inline fun higherOrderFunctionTakingBar(body: (Bar).() -> Unit) = body(Bar())

fun example() {
    higherOrderFunctionTakingFoo {
        higherOrderFunctionTakingBar {
            functionInFoo()
            functionInBar()
        }
    }
}

Do note that if this feature of the Kotlin language seems inappropriate for your DSL, @DslMarker is your friend!


Conclusion

Why does all of this matter? With this knowledge:

  • you now understand why you can write toLong() in an extension function on a number, instead of having to reference the number somehow. Maybe your extension function shouldn't be an extension?
  • You can build a DSL for your favorite markup language, maybe help parsing the one or other (who needs regular expressions?!).
  • You understand why with, a standard library function and not a keyword, exists - the act of amending the scope of a block of code to save on redudant typing is so common, the language designers put it right in the standard library.
  • (maybe) you learned a bit about function types on the offshoot.
  • Question: I read (Foo).() -> Unit as a function that takes a Foo as a receiver and no parameter. If that's true, how come you're invoking it with an argument Foo()? – Abhijit Sarkar Aug 26 '17 at 7:09
  • 1
    @AbhijitSarkar Function types with a receiver have their parameter list prefixed with the receiver. This should be in the main body of the post, editing in.. – F. George Aug 27 '17 at 0:27
  • You can also have multiple receivers when you define extension inside class – Igor Wojda Nov 5 '17 at 16:20
  • @Panel You raise a valid point, but if somebody comes for this post to understand what a receiver is, the static/virtual dispatch differences might be a too high bar...heck, even trips me up sometimes. – F. George Nov 6 '17 at 23:23
  • Here is details explanation of different kind of receivers. blog.kotlin-academy.com/… – Igor Wojda Dec 9 '17 at 17:06

Function Literals/Lambda with Receiver

Kotlin supports the concept of “function literals with receivers”. It enables the access on visible methods and properties of a receiver of a lambda in its body without any additional qualifiers. This is very similar to extension functions in which it’s also possible to access visible members of the receiver object inside the extension.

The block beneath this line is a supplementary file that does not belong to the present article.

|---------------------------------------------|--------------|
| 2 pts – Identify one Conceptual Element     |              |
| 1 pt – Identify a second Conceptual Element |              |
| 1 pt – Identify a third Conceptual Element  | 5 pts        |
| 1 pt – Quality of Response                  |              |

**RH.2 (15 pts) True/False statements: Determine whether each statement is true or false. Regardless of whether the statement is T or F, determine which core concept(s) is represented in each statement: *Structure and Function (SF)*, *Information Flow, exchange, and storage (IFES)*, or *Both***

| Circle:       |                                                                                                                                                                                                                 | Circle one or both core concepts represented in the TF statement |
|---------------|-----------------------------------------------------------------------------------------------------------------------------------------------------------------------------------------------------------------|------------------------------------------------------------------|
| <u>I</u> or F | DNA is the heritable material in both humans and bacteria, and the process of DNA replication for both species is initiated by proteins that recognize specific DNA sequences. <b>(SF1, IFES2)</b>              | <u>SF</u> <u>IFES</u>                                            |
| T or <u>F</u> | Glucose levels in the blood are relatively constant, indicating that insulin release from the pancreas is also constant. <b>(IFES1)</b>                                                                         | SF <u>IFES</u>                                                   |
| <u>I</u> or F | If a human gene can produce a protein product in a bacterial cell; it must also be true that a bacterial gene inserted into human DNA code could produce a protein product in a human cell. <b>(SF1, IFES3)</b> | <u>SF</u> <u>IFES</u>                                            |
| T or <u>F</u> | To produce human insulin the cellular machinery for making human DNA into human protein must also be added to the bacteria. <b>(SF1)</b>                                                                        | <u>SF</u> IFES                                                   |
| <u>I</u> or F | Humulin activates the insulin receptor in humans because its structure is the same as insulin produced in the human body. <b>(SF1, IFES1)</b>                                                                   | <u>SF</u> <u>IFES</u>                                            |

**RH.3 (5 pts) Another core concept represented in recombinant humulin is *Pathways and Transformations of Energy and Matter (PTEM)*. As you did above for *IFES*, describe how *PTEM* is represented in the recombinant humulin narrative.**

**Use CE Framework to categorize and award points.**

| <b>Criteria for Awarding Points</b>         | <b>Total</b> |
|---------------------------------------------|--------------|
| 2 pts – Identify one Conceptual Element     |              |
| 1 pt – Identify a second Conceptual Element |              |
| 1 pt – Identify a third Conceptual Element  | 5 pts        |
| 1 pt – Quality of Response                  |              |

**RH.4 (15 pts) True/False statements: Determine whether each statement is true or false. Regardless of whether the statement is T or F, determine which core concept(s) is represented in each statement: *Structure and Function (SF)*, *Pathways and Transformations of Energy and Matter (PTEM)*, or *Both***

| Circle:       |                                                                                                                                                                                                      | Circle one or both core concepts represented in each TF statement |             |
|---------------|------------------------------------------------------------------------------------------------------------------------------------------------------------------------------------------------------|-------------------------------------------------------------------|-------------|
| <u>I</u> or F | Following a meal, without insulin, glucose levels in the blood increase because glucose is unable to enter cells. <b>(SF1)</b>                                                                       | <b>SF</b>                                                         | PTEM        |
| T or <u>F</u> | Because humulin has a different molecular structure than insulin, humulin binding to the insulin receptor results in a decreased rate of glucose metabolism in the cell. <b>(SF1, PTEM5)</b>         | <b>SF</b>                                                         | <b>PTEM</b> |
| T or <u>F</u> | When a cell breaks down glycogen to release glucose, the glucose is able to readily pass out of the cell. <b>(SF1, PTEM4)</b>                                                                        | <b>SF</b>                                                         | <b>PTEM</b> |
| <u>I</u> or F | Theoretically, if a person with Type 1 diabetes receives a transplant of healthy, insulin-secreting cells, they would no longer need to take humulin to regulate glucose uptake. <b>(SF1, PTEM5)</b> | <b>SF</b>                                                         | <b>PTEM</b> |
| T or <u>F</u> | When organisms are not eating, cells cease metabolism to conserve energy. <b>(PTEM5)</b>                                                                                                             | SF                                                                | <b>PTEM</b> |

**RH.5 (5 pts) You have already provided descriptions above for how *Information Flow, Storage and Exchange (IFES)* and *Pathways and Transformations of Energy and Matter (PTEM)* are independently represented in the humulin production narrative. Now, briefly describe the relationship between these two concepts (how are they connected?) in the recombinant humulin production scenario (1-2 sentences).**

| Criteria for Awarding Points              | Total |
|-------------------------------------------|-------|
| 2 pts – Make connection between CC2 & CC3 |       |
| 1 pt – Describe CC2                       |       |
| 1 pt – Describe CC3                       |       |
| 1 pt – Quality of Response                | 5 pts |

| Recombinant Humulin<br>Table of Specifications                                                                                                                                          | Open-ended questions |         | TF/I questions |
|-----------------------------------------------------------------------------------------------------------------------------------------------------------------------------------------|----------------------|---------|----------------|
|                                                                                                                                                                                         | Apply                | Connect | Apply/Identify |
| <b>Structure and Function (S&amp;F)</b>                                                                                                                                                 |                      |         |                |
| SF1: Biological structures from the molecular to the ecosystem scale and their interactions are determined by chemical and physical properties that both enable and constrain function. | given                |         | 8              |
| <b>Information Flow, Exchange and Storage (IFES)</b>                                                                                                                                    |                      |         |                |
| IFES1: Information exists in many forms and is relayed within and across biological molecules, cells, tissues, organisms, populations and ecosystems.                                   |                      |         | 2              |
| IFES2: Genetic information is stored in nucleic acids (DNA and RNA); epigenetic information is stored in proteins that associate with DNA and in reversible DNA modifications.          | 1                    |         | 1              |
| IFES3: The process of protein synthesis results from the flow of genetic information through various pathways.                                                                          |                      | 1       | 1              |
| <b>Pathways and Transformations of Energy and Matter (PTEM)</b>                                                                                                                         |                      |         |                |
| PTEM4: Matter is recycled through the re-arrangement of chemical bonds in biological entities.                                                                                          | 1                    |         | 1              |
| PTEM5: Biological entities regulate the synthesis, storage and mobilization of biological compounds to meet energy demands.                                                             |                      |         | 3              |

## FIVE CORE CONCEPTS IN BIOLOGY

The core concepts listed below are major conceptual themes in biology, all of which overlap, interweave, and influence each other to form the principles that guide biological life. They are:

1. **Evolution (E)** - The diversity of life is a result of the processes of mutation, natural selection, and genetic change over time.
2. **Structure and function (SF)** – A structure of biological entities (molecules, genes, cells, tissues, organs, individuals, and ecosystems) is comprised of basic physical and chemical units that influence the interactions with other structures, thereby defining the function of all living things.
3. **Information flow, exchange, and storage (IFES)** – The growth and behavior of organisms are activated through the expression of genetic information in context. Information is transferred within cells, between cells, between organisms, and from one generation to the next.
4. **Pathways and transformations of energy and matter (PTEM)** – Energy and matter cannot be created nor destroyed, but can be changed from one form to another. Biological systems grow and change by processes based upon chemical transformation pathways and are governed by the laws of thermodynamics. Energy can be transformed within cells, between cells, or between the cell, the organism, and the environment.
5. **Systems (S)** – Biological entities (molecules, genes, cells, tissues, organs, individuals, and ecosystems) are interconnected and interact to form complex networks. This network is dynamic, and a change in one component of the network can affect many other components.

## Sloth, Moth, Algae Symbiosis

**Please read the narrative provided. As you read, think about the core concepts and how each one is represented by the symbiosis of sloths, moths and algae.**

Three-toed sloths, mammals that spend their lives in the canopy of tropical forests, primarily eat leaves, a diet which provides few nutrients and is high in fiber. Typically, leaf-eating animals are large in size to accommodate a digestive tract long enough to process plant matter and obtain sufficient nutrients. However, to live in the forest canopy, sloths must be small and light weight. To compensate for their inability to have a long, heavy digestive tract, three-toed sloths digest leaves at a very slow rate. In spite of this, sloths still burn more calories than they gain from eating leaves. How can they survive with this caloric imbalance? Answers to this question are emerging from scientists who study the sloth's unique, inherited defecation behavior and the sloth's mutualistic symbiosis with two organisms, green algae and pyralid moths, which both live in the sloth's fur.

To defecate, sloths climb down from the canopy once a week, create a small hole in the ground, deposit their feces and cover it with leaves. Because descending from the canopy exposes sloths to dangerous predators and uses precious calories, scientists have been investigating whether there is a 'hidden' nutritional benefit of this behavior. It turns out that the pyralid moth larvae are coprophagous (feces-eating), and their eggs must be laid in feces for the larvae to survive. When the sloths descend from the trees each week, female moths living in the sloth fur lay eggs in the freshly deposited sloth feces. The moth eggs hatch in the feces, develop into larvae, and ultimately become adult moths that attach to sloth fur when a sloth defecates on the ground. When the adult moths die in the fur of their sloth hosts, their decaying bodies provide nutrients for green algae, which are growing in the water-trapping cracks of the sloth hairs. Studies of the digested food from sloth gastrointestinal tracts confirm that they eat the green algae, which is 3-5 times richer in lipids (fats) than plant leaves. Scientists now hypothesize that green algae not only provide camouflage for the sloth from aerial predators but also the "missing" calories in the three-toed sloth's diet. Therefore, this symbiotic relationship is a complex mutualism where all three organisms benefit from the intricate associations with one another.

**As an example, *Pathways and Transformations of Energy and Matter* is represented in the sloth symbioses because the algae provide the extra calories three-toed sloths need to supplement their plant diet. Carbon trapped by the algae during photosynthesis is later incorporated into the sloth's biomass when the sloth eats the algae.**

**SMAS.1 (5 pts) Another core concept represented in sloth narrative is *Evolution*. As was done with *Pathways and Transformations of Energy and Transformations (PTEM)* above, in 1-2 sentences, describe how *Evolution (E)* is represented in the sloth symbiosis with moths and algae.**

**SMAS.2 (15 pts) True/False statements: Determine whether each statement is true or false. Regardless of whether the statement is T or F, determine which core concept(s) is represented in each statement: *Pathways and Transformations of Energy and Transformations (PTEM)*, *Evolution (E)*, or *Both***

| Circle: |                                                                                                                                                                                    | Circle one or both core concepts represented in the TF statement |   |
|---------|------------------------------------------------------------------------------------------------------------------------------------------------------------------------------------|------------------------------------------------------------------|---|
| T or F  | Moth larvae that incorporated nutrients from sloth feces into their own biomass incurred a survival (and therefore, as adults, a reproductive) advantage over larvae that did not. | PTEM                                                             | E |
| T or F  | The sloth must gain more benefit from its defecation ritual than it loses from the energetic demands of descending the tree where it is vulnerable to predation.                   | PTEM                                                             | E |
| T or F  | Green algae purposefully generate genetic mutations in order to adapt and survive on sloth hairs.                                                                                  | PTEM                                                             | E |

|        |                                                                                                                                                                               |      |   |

A simple example, also one of the greatest functions in the Kotlin standard library, isapply:

public inline fun <T> T.apply(block: T.() -> Unit): T { block(); return this }

As you can see, such a function literal with receiver is taken as the argument block here. This block is simply executed and the receiver (which is an instance of T) is returned. In action this looks as follows:

val foo: Bar = Bar().apply {
    color = RED
    text = "Foo"
}

We instantiate an object of Bar and call apply on it. The instance of Bar becomes the “receiver”. The block, passed as an argument in {}(lambda expression) does not need to use additional qualifiers to access and modify the shown visible properties color and text.

The concept of lambdas with receiver is also the most important feature for writing DSLs with Kotlin.

var greet: String.() -> Unit = { println("Hello $this") }

this defines a variable of type String.() -> Unit, which tells you

  • String is the receiver
  • () -> Unit is the function type

Like F. George mentioned above, all methods of this receiver can be called in the method body.

So, in our example, this is used to print the String. The function can be invoked by writing...

greet("Fitzgerald") // result is "Hello Fitzgerald"

the above code snippet was taken from Kotlin Function Literals with Receiver – Quick Introduction by Simon Wirtz.

  • In this case we can make different type of calls: greet("my text") which has the same effect with "my text".greet() – ultraon Aug 29 at 17:40